After his two tours in Iraq, Higbie said he has seen first hand the need for more spending on veterans to ensure they get the physical and mental health help they need upon returning home — and assistance getting a job or starting a business of their own.


Higbie also wants to repeal the Affordable Care Act, better known as Obamacare. While the White House has trumpeted eight million sign-ups for health care under the law, Higbie says he doubts that numbers are accurate, noting not enough information was released about who has paid for their health care. And he also notes past lies about Obamacare by the government.

Instead of the current law, Higbie said he would go back to the old system, but with changes such as allowing for more competition between states for insurance rates and a curb on malpractice suits to try and curb costs.

Social issues

One of the tent poles of Higbie’s campaign is that he does not want to get bogged down in the social issues that so many politicians focus on. He said that’s not nearly as important to people as a focus on reducing the federal debt and creating jobs. That means, while he is personally pro life, he says not to expect to see him championing new legislation on abortions.

The establishment

Higbie said he wants people to know exactly where he stands on the issues so there could never be any doubt or confusion.

“That’s how politics needs to be,” Higbie said. “People have become accepting of this ridiculousness of not answering the question and beating around the bush. That shouldn’t be acceptable anymore.”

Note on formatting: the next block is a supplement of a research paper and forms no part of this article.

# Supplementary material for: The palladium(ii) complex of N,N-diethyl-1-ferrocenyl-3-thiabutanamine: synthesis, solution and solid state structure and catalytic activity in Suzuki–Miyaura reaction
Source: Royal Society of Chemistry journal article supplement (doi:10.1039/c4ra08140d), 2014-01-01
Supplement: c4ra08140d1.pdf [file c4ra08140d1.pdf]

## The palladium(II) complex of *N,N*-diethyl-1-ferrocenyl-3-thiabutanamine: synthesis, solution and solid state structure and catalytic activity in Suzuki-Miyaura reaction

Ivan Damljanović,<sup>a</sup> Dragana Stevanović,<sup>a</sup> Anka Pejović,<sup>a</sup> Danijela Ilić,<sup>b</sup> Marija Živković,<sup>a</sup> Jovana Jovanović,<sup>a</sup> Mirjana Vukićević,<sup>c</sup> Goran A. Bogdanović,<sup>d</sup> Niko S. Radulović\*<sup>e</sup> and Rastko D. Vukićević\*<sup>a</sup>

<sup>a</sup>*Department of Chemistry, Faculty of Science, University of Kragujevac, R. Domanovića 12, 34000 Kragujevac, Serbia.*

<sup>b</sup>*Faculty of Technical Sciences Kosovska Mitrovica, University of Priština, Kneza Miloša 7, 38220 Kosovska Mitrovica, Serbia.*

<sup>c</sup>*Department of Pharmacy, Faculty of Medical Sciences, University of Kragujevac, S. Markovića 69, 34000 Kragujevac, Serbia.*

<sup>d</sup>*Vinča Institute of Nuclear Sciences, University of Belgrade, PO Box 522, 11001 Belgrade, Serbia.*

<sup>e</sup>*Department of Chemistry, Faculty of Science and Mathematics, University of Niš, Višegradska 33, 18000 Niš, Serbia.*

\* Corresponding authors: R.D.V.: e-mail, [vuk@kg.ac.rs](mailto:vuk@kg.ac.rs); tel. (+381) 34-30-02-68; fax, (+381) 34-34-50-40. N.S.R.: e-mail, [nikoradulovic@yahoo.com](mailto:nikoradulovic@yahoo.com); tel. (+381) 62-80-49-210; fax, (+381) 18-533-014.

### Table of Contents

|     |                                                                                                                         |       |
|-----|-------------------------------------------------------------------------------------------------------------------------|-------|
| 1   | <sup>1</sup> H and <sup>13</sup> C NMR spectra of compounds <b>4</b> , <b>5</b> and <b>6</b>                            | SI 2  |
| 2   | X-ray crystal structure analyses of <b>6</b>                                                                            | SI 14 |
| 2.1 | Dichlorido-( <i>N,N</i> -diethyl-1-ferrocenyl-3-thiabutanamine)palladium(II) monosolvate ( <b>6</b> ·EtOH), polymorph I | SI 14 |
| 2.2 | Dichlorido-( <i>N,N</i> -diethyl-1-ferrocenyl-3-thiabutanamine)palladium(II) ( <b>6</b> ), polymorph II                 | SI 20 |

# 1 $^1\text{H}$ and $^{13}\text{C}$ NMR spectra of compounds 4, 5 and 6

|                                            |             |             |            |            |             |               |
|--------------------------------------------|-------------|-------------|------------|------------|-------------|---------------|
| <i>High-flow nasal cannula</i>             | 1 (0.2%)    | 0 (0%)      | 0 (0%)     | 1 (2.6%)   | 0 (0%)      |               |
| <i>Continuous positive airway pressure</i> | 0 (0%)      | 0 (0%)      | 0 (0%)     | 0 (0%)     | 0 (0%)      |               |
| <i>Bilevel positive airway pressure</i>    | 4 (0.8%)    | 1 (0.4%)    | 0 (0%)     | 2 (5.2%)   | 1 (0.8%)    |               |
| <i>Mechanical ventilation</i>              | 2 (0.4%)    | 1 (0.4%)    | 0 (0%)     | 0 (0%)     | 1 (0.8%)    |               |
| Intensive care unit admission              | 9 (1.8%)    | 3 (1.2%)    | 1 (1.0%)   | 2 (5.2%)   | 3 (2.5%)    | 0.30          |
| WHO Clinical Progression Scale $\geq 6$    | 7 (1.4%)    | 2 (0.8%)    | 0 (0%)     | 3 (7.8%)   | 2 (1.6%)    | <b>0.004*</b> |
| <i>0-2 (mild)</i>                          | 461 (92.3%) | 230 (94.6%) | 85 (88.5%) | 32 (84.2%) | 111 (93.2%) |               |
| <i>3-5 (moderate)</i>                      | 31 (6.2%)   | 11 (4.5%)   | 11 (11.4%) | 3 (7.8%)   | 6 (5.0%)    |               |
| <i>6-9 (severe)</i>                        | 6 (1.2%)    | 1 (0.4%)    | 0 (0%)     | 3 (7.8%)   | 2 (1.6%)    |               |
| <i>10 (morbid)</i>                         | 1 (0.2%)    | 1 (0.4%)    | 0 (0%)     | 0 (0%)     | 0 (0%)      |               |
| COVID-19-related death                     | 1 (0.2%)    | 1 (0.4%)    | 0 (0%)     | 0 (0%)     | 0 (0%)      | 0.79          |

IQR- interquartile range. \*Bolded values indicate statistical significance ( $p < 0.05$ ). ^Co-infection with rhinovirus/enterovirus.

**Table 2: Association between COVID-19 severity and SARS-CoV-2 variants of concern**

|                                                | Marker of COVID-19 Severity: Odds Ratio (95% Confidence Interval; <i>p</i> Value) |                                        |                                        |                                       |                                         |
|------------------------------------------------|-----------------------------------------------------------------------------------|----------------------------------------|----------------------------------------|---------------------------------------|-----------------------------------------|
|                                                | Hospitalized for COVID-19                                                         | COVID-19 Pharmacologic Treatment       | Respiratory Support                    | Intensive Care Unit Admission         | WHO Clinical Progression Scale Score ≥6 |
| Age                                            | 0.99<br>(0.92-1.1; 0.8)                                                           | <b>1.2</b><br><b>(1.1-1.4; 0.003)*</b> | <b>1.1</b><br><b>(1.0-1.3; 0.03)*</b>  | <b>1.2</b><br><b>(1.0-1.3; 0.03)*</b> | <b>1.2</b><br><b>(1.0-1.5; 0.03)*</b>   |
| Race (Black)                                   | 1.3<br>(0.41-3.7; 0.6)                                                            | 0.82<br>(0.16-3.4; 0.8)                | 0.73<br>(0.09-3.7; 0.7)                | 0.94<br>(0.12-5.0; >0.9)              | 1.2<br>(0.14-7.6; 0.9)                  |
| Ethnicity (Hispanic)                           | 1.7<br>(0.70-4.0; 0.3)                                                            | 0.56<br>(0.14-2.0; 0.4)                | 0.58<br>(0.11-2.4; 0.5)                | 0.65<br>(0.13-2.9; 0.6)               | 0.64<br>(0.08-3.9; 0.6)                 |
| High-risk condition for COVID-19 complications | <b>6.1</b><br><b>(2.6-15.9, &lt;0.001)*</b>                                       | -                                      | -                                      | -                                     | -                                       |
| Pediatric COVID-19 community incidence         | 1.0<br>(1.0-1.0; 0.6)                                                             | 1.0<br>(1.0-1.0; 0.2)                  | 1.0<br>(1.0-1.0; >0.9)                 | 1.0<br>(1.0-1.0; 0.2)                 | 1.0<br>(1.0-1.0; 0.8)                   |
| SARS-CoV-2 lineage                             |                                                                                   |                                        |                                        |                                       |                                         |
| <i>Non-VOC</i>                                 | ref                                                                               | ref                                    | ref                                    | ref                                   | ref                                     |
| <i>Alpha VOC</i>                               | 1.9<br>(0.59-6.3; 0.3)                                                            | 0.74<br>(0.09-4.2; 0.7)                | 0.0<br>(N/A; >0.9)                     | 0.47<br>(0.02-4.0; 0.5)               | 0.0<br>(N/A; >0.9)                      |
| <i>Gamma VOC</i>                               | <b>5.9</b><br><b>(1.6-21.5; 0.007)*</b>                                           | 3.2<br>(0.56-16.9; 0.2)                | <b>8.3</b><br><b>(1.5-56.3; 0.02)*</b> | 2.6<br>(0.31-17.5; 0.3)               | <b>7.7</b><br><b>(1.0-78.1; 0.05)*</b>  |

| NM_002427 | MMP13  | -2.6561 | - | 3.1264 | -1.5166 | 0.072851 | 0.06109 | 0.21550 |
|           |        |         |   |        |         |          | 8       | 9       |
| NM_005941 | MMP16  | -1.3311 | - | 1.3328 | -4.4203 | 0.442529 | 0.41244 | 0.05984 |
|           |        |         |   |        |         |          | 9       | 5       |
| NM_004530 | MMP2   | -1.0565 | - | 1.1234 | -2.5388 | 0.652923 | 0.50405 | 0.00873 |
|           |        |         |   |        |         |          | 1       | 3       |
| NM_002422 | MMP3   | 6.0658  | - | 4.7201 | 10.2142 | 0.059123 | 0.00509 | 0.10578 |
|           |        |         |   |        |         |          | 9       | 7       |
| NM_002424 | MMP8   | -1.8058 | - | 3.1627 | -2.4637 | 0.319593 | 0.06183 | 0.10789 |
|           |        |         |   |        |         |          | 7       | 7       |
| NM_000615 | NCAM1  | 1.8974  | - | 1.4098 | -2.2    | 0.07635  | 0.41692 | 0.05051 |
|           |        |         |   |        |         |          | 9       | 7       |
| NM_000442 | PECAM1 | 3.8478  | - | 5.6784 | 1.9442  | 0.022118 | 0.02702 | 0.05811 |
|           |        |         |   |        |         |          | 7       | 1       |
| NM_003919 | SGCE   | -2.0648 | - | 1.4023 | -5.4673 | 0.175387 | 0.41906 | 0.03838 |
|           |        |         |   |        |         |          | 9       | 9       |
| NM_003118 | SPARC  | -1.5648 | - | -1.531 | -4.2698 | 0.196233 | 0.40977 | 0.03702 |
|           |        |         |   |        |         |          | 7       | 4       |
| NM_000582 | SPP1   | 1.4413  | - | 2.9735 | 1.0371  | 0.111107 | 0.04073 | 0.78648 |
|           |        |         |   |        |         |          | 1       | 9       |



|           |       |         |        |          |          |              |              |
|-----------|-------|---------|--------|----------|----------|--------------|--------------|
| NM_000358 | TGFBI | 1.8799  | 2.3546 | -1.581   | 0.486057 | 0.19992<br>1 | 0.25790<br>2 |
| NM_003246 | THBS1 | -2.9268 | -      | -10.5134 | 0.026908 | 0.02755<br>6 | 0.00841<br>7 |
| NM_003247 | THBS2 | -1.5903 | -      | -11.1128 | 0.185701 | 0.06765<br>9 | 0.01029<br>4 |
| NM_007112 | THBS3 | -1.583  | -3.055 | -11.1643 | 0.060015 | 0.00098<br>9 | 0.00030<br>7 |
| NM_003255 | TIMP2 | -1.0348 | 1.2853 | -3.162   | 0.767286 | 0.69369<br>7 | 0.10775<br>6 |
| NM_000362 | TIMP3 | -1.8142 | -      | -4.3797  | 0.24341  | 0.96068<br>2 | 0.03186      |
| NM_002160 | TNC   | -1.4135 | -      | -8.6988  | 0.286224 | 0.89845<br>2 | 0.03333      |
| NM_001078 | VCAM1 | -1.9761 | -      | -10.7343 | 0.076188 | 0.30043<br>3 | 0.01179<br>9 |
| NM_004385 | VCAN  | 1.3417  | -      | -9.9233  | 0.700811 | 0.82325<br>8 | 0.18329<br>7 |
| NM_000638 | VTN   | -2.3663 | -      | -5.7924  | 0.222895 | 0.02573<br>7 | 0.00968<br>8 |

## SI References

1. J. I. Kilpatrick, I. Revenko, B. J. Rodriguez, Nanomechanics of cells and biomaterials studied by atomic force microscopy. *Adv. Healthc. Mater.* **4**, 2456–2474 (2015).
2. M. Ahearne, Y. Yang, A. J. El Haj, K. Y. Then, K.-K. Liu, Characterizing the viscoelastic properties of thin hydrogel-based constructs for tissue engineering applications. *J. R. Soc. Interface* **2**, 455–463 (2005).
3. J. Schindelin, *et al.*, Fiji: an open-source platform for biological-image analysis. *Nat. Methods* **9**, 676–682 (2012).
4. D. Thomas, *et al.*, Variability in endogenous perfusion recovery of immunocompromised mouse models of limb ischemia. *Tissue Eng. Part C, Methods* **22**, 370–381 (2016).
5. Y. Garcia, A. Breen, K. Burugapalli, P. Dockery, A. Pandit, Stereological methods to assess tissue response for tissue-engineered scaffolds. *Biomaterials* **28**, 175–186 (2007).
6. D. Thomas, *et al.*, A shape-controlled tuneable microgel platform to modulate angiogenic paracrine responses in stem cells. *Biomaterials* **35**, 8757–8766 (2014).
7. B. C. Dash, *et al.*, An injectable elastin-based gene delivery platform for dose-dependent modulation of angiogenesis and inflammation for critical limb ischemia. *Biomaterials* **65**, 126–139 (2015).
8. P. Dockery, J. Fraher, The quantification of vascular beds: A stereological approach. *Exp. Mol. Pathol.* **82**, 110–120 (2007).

“I fight a lot of the establishment Republicans here,” Higbie said. “Some things need compromise and I’ve done that but I’m not going to compromise on things that compromise my country.”

Himes and his predecessor, Christopher Shays  — though they are of different parties — both have taken pains in their campaigns to run as moderates eager to work with the opposite side in Washington. But Higbie rejects that.

“I’m fighting for a better America, I’m not fighting based on party policies,” Higbie said.

A summer primary?

Debicella is the front-runner in the race and his campaign announced this week that it secured the public endorsement of 51% of the delegates, essentially sewing up the convention’s nomination. Higbie said he’s not surprised by this news and his eye is on a primary in August. So he will be going to next month’s convention looking for between 15-30% support to push his campaign forward.

If a candidate receives 15% of the delegates, he automatically qualifies for the August primary. Without 15% of the delegates, he would need to petition his way into a primary.

Higbie trumpets his donations of small amounts like $1 or $5 or $20 because he said this shows that his message is resonating with the average voter. But now, with what he calls momentum inside his campaign, Higbie is looking for the kind of donations that come with bigger checks, the kind of funding he will need to take this primary through August where, with elections classically showing low turnouts, anything can happen. To that end he will be holding fund-raisers in Greenwich on Tuesday, April 29, at the Two Door Restaurant, 176 Hamilton Avenue.; and at the C. Parker Gallery, 17 East Putnam Avenue., on Tuesday, May 6.


The complete interview is at